I was looking for information regarding, recent changes in the Affordable Care act, and I found an interesting video. It is titled Modern Treatment for Alcoholism. If you don’t have a spare hour to watch it, the short summary is: there is a drug called Naltrexone, that helps people who are suffering from alcoholism.
The description is as follows:
Alcoholism is a common, chronic disease with strong genetic influence. Modern neuroscience has uncovered much about the underlying mechanisms of this devastating condition, but few physicians are aware that effective treatments are available. Thus, relapse-prevention medications are rarely prescribed and affected families are not told that such treatments exist. In reality, modern medications and traditional talk therapy work well together once the anti-medication bias is relieved. Effective treatment saves not only pain and suffering, but also reduces costs to the health care system. The Affordable Care Act requires that all health insurance cover substance use disorders and this may lead to more citizens with alcoholism receiving modern treatment.
I knew about this medication, but I associated it more drug addiction, because I know it blocks the effects of narcotics. So, how does it work for alcoholics? Good question, because no one really knows. However, when they tested the drug on patients with Alcoholism, they saw three kinds of effects.
- Naltrexone can reduce a patient’s urge or desire to drink.
- Naltrexone helps patients remain abstinent.
- Naltrexone can interfere with the patient’s desire to continue drinking more if he/she slips and has a drink.
That sounds good, but what if you become addicted to the medication? Well, the study found that the drug is not physically or psychologically addictive. In other words, none of the patients found it habit-forming. Like most drugs, there are some side effects and the most common ones are nausea, headaches and depression. I don’t mean to be glib, but that pretty much describes how I felt every time I drank.
These side effects were usually mild and in short duration. Patients usually report that they are largely unaware of being on Naltrexone. Naltrexone usually has no psychological effects, and users do not feel either “high” or “down.” One thing to be cautious of: Naltrexone can have a toxic effect on the liver. Obviously, this can be a problem for drinkers that have already beat up their liver. To deal with that, doctors who prescribe the drug, make their patients get a liver test before the treatment starts. If your doctor prescribes the drug and does not order a live auction test – ask him why!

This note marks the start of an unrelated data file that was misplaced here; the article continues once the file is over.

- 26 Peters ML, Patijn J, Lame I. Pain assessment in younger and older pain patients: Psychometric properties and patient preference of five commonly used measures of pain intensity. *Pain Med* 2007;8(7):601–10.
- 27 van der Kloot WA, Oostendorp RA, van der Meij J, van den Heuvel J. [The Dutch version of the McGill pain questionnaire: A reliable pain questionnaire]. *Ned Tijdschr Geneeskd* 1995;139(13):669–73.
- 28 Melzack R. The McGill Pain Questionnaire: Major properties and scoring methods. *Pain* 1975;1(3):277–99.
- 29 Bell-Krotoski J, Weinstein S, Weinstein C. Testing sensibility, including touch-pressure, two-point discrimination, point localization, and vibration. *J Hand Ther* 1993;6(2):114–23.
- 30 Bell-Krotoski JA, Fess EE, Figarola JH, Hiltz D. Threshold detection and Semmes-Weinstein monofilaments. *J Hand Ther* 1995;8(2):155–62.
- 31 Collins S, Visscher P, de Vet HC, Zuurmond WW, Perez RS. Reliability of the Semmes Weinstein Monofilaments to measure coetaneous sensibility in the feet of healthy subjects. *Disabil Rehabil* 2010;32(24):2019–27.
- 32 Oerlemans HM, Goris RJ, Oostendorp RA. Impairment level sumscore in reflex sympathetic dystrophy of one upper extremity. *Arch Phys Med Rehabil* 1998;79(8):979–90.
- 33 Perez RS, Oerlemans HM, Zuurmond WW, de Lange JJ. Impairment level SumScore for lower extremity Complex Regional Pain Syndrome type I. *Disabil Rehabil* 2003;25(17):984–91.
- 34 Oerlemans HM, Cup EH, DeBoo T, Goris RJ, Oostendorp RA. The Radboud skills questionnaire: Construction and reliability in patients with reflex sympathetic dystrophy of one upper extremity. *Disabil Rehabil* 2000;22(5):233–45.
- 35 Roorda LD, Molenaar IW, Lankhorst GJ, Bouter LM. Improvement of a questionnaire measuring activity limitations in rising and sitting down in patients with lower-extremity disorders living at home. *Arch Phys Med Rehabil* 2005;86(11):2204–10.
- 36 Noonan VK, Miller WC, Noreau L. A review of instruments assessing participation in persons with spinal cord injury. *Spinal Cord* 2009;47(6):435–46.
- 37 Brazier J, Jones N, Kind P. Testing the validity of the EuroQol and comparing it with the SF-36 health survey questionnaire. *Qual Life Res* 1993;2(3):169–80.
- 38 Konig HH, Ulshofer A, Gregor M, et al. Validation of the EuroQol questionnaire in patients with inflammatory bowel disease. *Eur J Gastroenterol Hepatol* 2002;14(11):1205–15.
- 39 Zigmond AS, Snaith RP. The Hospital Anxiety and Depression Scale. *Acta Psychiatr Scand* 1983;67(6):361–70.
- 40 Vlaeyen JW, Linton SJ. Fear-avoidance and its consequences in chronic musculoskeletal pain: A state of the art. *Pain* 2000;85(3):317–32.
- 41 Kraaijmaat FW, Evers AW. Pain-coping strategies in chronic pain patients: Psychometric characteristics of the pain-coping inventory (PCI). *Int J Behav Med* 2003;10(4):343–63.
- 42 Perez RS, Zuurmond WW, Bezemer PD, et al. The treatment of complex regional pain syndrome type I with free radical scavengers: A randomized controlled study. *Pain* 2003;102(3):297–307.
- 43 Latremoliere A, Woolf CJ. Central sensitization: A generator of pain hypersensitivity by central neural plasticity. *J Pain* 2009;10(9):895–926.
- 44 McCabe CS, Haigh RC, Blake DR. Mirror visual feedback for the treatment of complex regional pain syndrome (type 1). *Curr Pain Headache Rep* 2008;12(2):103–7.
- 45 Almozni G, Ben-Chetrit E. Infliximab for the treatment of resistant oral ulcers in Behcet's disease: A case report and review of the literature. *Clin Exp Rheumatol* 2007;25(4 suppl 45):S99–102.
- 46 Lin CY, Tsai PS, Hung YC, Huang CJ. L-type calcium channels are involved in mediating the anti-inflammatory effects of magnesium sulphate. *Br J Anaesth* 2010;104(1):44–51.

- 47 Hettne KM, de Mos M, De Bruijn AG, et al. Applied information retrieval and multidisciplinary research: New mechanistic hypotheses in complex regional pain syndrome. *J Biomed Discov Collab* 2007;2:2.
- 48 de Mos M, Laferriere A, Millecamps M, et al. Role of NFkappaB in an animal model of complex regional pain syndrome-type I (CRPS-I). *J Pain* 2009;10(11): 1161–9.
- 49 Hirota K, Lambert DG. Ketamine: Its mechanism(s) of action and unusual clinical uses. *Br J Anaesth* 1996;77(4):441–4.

This is still sounding good to me, so my obvious next question is: what happens you drink alcohol while taking Naltrexone (after all, I am from the Antabuse era)? Naltrexone may reduce the feeling of intoxication and the desire to drink more, but it will not cause a severe physical response to drinking.
First Important Tip
Since this drug blocks the effectiveness of narcotics, people taking this medication should carry a card, in case of an emergency. Naltrexone does not reduce the effectiveness of anesthesia (that is the kind used with surgery). But it does block pain relief from opiate medications. So if you know you are having a surgery, stop taking the drug 3 days beforehand.
Important Tip #2
People taking this drug are not cured from alcoholism or drug addiction. It helps the problem, but does not fix it. The research studies show that the treatment is most effective when it is combined with treatment from professionals and/or mutual-support groups. There is no contradiction between participating in a support group and taking Naltrexone. In fact, one multi-site study showed that Naltrexone-taking subjects who attended mutual-support groups, such as AA, had better outcomes. It is most likely to be effective for patients whose goal is to stop drinking altogether.
If other mutual-support group members caution against taking any medications, patients should refer them to the pamphlet “The AA Member—Medications and Other Drugs”. This free booklet clearly states that AA members should not “play doctor” and advise others on medication provided by legitimate, informed medical practitioners or treatment programs. I can not stress this enough only take medical advice from a medical professional.
Last Important Tip
The Affordable Care Act requires that all health insurance cover substance use disorders and this may lead to more citizens with alcoholism receiving modern treatment. This means that people suffering from alcoholism and drug addiction will get the same level of care they would receive if they had a disease like diabetes or cancer. Wow, we have come a long way.